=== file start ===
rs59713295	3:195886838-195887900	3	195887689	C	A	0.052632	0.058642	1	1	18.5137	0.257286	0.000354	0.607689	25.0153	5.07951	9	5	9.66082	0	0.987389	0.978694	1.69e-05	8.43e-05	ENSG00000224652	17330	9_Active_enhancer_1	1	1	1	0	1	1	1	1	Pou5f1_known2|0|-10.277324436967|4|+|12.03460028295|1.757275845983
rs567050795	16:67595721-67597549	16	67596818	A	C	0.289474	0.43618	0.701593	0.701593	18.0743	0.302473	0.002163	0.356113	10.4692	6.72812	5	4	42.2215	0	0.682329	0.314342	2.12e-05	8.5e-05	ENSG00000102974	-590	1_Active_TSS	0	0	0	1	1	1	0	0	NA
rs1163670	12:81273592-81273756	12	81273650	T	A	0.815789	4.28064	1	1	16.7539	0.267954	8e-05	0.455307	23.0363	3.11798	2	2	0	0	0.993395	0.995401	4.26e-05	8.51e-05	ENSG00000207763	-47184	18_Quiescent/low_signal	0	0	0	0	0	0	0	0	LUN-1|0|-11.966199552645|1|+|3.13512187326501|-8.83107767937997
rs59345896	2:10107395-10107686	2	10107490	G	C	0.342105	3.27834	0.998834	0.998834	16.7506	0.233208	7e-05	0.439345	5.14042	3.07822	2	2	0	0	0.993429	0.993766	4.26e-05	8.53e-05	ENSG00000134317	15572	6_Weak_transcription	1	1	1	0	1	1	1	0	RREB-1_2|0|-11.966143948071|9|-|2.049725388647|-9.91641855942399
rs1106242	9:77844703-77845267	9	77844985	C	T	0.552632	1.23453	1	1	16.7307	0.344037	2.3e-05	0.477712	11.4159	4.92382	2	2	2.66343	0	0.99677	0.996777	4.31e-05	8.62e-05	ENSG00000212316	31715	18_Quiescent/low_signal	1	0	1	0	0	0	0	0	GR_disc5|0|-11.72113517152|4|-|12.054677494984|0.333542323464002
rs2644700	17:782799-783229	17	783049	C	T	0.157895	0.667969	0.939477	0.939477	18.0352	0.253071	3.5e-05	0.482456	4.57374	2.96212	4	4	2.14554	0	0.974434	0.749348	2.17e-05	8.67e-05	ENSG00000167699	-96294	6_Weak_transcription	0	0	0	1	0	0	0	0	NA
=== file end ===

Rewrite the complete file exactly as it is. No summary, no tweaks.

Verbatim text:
rs59713295	3:195886838-195887900	3	195887689	C	A	0.052632	0.058642	1	1	18.5137	0.257286	0.000354	0.607689	25.0153	5.07951	9	5	9.66082	0	0.987389	0.978694	1.69e-05	8.43e-05	ENSG00000224652	17330	9_Active_enhancer_1	1	1	1	0	1	1	1	1	Pou5f1_known2|0|-10.277324436967|4|+|12.03460028295|1.757275845983
rs567050795	16:67595721-67597549	16	67596818	A	C	0.289474	0.43618	0.701593	0.701593	18.0743	0.302473	0.002163	0.356113	10.4692	6.72812	5	4	42.2215	0	0.682329	0.314342	2.12e-05	8.5e-05	ENSG00000102974	-590	1_Active_TSS	0	0	0	1	1	1	0	0	NA
rs1163670	12:81273592-81273756	12	81273650	T	A	0.815789	4.28064	1	1	16.7539	0.267954	8e-05	0.455307	23.0363	3.11798	2	2	0	0	0.993395	0.995401	4.26e-05	8.51e-05	ENSG00000207763	-47184	18_Quiescent/low_signal	0	0	0	0	0	0	0	0	LUN-1|0|-11.966199552645|1|+|3.13512187326501|-8.83107767937997
rs59345896	2:10107395-10107686	2	10107490	G	C	0.342105	3.27834	0.998834	0.998834	16.7506	0.233208	7e-05	0.439345	5.14042	3.07822	2	2	0	0	0.993429	0.993766	4.26e-05	8.53e-05	ENSG00000134317	15572	6_Weak_transcription	1	1	1	0	1	1	1	0	RREB-1_2|0|-11.966143948071|9|-|2.049725388647|-9.91641855942399
rs1106242	9:77844703-77845267	9	77844985	C	T	0.552632	1.23453	1	1	16.7307	0.344037	2.3e-05	0.477712	11.4159	4.92382	2	2	2.66343	0	0.99677	0.996777	4.31e-05	8.62e-05	ENSG00000212316	31715	18_Quiescent/low_signal	1	0	1	0	0	0	0	0	GR_disc5|0|-11.72113517152|4|-|12.054677494984|0.333542323464002
rs2644700	17:782799-783229	17	783049	C	T	0.157895	0.667969	0.939477	0.939477	18.0352	0.253071	3.5e-05	0.482456	4.57374	2.96212	4	4	2.14554	0	0.974434	0.749348	2.17e-05	8.67e-05	ENSG00000167699	-96294	6_Weak_transcription	0	0	0	1	0	0	0	0	NA